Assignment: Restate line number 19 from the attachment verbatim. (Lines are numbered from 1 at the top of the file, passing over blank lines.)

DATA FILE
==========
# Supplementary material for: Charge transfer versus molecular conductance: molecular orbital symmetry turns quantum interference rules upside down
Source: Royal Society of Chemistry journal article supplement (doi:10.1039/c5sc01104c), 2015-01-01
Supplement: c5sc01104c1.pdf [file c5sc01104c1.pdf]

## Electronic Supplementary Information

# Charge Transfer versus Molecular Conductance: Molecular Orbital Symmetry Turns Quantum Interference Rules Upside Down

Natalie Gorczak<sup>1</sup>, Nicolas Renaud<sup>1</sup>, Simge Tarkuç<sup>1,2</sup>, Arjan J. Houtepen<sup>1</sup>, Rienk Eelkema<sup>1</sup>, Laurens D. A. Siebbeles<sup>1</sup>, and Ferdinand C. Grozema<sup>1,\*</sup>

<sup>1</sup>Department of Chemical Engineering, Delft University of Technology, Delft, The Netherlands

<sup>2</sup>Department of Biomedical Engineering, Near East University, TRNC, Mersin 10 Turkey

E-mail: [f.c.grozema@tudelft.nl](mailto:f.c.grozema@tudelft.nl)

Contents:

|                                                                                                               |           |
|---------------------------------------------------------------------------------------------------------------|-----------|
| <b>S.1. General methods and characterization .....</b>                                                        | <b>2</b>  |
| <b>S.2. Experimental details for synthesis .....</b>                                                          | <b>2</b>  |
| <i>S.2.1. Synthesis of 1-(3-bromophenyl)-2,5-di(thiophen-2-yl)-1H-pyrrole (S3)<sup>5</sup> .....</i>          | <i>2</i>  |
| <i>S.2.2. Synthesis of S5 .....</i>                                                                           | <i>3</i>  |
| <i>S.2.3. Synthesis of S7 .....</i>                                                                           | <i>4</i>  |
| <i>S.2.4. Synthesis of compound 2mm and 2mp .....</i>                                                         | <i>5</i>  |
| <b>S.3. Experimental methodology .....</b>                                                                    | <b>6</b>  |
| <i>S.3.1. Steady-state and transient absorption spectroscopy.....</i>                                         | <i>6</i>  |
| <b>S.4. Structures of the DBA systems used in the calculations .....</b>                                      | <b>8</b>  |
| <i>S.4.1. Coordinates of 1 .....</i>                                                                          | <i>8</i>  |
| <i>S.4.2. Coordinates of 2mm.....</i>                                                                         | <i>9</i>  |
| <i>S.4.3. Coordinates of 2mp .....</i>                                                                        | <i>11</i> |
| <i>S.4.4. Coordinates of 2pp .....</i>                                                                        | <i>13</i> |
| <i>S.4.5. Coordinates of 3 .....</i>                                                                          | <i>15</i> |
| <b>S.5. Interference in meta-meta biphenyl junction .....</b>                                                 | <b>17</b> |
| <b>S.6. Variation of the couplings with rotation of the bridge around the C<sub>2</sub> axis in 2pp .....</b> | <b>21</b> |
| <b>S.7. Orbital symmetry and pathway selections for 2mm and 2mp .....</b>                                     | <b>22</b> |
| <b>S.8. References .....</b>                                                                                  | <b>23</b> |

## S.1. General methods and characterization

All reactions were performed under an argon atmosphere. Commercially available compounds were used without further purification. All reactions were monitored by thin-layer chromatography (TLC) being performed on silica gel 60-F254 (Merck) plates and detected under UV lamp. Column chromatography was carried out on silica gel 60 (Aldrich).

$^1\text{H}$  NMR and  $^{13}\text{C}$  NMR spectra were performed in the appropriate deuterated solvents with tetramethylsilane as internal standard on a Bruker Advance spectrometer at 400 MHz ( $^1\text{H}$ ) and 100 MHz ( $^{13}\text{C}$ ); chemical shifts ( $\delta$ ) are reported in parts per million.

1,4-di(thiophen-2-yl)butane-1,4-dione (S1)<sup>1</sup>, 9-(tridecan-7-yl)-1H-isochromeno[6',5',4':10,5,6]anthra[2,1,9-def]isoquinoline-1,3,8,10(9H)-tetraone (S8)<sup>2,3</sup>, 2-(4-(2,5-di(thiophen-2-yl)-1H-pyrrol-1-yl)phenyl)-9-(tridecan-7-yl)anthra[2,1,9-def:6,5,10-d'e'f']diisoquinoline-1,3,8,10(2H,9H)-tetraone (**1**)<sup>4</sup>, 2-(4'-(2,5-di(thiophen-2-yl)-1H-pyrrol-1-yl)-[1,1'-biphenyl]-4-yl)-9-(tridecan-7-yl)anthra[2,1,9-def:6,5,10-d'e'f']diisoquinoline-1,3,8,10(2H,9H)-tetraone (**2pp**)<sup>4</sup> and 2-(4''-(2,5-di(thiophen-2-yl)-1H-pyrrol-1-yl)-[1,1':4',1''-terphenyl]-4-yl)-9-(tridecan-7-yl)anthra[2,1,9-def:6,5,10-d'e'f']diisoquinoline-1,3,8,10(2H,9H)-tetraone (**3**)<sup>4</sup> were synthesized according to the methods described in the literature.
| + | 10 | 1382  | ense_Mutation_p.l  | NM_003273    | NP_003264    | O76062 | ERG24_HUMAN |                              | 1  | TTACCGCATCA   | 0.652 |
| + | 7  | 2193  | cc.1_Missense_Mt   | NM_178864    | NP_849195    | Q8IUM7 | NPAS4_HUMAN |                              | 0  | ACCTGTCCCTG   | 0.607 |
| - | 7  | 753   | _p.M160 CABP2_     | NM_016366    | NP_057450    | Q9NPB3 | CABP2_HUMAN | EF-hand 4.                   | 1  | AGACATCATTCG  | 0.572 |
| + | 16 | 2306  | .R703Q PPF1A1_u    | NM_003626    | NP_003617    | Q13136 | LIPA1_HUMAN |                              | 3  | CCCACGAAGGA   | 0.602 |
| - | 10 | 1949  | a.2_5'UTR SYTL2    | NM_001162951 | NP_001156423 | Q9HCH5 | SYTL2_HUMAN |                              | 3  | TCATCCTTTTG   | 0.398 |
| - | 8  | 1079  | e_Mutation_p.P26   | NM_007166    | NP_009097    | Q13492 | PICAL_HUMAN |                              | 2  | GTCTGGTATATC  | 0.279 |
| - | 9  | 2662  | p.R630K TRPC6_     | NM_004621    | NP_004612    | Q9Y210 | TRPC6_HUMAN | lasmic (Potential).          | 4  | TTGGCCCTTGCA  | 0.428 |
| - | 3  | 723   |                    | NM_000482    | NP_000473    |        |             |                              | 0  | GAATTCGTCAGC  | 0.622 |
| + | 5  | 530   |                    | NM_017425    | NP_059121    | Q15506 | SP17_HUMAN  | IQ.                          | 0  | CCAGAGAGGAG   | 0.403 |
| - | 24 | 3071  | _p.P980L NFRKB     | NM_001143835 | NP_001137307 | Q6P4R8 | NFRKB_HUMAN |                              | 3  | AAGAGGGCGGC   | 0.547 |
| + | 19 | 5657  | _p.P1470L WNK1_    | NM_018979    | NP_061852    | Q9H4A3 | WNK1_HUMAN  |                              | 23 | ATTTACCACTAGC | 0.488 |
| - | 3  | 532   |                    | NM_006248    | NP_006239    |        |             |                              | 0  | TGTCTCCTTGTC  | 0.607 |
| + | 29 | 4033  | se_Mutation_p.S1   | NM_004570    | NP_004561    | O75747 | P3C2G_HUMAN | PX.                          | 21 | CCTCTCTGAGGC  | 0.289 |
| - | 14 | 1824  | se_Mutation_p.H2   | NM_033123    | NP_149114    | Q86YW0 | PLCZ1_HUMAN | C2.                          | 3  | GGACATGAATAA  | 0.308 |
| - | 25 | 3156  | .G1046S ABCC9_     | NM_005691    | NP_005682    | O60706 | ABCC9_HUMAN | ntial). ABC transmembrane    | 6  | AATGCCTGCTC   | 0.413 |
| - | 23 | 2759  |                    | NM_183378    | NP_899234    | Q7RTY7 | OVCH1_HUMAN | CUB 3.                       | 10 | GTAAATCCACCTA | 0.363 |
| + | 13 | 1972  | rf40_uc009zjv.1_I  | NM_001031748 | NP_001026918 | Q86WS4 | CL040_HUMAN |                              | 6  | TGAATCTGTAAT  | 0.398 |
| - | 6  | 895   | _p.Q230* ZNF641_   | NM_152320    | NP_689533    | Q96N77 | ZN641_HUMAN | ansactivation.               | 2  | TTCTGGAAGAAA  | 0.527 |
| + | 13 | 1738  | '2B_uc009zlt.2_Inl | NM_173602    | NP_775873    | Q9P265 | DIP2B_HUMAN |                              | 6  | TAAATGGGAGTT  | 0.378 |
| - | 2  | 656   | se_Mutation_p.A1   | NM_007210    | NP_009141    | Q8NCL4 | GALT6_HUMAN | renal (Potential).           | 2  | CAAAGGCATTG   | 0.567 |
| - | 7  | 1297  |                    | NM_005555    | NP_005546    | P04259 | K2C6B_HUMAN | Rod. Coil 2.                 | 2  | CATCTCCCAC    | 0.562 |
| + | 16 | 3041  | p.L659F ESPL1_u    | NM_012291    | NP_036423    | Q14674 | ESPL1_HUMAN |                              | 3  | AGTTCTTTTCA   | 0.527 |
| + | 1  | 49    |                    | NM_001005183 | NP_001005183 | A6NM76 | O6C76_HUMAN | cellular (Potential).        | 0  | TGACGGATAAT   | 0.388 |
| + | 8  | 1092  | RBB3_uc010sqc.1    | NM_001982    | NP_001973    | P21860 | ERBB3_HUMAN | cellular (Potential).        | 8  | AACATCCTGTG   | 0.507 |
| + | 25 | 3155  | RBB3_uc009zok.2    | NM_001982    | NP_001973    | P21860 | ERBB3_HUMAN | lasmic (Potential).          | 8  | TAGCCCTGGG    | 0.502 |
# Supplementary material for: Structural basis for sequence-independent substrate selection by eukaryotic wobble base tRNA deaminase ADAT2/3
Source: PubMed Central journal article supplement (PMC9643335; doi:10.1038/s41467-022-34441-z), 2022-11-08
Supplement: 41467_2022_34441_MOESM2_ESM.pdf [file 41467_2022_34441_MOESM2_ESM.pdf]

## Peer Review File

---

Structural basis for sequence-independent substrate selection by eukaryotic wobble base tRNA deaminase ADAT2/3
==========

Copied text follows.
| <b>S.3. Experimental methodology .....</b>                                                                    | <b>6</b>  |